If you have taken up British Gas's much-publicised offer to cap (they avoid the word 'freeze') its price for the next three years you may be feeling clever.
In a demonstration of markets taking leave of logic, the wholesale price of gas rocketed to 255p a therm from 61p on Monday and was still holding around 220p yesterday.
Much more of this and big energy users - all manner of metal industries and brick-works as well as the vocal chemicals industry - will be working out the harsh economics of whether they stand to lose even more money by shutting down for the duration than by keeping going. National Grid put out its first ever alert of a potential shortage, though yesterday it sounded less alarmed.
So householders who signed up for the British Gas deal can bask in the pleasurable assurance that whatever happens to this dizzy price other people will pay it.
Quite what went wrong is unclear. The cold snap over much of Britain generated the predictable surge in demand -predictable in that much the same thing happened in March last year. But then wholesale gas never ran higher than 120p. When the weather turned unseasonably chilly in November the top price was 170p.
This time, even on Monday, it stopped short at 115p in the Netherlands. With any half-functioning market, some nimble soul would have been coining easy money pumping the stuff into Britain over the Interconnector pipe between Belgium and Norfolk.
Well, if they did it was too little to ease the squeeze in Britain. Centrica, owner of British Gas, said the Inter-connector was not running f lat out. Why was not explained.
On top of that there was a bit of bad luck. A fire has temporarily closed Rough, a big North Sea storage field, French gas workers have been on strike and there seem some worries about Norway's output, too.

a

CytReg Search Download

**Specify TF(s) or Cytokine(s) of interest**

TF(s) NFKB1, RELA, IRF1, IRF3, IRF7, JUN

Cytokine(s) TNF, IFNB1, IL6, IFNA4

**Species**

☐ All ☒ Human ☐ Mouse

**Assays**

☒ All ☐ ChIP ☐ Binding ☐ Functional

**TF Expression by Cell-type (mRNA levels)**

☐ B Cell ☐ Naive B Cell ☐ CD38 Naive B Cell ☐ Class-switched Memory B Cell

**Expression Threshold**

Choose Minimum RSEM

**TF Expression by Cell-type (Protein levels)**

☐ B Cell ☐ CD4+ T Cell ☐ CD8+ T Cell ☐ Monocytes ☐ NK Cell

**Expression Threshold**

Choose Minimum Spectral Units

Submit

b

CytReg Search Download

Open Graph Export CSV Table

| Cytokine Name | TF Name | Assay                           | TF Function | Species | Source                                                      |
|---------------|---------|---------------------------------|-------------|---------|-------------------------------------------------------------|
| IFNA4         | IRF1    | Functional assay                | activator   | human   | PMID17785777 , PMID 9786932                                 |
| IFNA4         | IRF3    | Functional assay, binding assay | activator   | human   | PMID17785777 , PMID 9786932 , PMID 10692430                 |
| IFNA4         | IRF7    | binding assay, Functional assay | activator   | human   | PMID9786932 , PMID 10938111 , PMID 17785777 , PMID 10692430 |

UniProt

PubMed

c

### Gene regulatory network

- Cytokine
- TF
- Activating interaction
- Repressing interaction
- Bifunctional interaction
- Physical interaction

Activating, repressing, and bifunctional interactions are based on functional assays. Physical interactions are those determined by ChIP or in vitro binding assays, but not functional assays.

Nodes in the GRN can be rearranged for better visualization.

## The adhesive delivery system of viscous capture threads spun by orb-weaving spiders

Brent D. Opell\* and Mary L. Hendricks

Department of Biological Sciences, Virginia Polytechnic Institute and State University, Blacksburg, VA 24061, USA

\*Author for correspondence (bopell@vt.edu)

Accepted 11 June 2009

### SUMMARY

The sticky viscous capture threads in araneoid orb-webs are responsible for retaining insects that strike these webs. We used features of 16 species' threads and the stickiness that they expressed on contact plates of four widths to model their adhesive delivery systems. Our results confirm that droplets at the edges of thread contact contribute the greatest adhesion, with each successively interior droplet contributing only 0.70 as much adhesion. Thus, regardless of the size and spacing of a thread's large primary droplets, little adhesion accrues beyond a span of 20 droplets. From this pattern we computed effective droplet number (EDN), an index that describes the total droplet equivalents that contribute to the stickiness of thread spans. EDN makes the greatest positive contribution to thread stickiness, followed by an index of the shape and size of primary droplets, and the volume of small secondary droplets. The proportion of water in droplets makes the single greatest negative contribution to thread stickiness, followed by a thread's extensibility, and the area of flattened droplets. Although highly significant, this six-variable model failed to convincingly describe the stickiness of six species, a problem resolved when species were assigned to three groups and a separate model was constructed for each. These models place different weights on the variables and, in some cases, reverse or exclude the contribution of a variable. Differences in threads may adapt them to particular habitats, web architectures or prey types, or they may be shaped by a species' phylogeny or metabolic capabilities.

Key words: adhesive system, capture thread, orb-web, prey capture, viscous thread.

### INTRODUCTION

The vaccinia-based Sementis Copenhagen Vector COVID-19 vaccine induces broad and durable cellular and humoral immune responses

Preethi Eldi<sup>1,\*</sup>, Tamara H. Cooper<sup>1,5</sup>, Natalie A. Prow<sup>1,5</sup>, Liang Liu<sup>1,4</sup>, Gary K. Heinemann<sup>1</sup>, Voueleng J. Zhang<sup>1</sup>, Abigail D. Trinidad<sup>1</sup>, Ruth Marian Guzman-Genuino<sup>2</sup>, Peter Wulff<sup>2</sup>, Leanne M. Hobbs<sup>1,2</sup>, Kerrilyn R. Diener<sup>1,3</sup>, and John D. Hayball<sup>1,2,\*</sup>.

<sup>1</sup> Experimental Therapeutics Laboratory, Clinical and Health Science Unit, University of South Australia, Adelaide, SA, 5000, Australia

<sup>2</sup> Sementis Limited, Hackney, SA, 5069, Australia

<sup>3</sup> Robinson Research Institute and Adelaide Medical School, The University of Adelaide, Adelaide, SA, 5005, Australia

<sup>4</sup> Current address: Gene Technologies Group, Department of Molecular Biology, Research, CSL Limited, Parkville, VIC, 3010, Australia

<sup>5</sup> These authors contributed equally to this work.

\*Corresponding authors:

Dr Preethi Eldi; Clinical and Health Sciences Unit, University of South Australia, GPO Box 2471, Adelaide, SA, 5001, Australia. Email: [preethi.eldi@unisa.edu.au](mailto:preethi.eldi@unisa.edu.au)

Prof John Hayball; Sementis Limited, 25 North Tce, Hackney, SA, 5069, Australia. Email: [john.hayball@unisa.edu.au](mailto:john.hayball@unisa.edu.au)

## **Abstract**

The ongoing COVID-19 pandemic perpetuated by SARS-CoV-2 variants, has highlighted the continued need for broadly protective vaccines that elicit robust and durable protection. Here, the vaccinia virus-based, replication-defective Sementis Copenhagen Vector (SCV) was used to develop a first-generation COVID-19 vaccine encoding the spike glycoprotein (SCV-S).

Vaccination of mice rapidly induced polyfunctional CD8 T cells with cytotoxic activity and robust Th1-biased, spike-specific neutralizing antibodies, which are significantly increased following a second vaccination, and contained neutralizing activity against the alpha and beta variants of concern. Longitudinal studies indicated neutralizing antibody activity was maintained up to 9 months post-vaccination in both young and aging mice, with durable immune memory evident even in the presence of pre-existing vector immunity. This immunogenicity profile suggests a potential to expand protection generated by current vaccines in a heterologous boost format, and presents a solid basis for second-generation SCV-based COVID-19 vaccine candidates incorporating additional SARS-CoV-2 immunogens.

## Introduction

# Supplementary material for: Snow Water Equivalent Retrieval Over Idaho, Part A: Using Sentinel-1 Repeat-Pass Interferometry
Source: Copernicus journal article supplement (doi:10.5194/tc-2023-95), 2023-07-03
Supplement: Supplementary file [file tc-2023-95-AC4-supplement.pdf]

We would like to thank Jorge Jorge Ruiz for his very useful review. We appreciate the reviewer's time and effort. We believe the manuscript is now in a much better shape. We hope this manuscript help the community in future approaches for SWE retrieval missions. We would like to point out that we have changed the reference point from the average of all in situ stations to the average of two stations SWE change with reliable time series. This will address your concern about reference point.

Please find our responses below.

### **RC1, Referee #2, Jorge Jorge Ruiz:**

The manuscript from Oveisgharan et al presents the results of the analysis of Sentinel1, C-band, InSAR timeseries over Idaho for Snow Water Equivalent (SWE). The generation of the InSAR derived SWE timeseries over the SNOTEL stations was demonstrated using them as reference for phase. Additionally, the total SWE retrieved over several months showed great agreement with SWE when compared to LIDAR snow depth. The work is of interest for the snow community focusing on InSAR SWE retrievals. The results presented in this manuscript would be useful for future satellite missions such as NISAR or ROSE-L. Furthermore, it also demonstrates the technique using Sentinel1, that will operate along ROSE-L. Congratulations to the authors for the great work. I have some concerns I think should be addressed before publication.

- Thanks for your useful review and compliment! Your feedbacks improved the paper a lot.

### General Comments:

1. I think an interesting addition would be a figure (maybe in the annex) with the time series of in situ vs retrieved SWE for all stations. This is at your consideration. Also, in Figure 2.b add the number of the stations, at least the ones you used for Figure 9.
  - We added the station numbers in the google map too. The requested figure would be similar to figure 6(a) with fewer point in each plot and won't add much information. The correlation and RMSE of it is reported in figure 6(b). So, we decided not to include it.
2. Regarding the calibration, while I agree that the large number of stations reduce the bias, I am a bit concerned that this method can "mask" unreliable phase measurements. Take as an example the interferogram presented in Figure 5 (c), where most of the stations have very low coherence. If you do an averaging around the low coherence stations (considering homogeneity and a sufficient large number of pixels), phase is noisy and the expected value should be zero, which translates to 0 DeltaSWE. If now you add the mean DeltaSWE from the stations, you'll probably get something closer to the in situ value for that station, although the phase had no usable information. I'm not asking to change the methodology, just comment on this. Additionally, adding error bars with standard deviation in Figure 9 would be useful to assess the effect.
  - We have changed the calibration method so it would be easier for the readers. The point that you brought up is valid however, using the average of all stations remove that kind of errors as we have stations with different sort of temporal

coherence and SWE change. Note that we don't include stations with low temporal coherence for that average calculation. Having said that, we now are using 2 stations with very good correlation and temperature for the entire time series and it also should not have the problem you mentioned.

None of that is a remotely plausible explanation for gas in Britain costing more than double what it did on the continent. Bad luck doesn't have that kind of impact without somebody rigging the market.
As for British Gas, it didn't offer its capped contract with the intention of exposing itself to open-ended losses. The idea was to give some of its customers second thoughts before they switched to a rival after BG put its prices up by 22 per cent.
There was a decent chance that wholesale gas prices in Britain will fall rather than rise over the next year or two as new facilities for handling hopefully cheaper imported gas start to work. That should still be a decent chance.
The continental market for wholesale gas is a self-evident disgrace. It may well remain so. Huffing and puffing by Euro regulators is never going to beat determined efforts by national Govern-ments and companies to secure their energy supplies. They took note of President Putin's brief suspension of Gazprom's supply to Ukraine and drew the obvious conclusions.
But within Britain the market for supplying gas to households and business is robustly competitive and may very well remain so.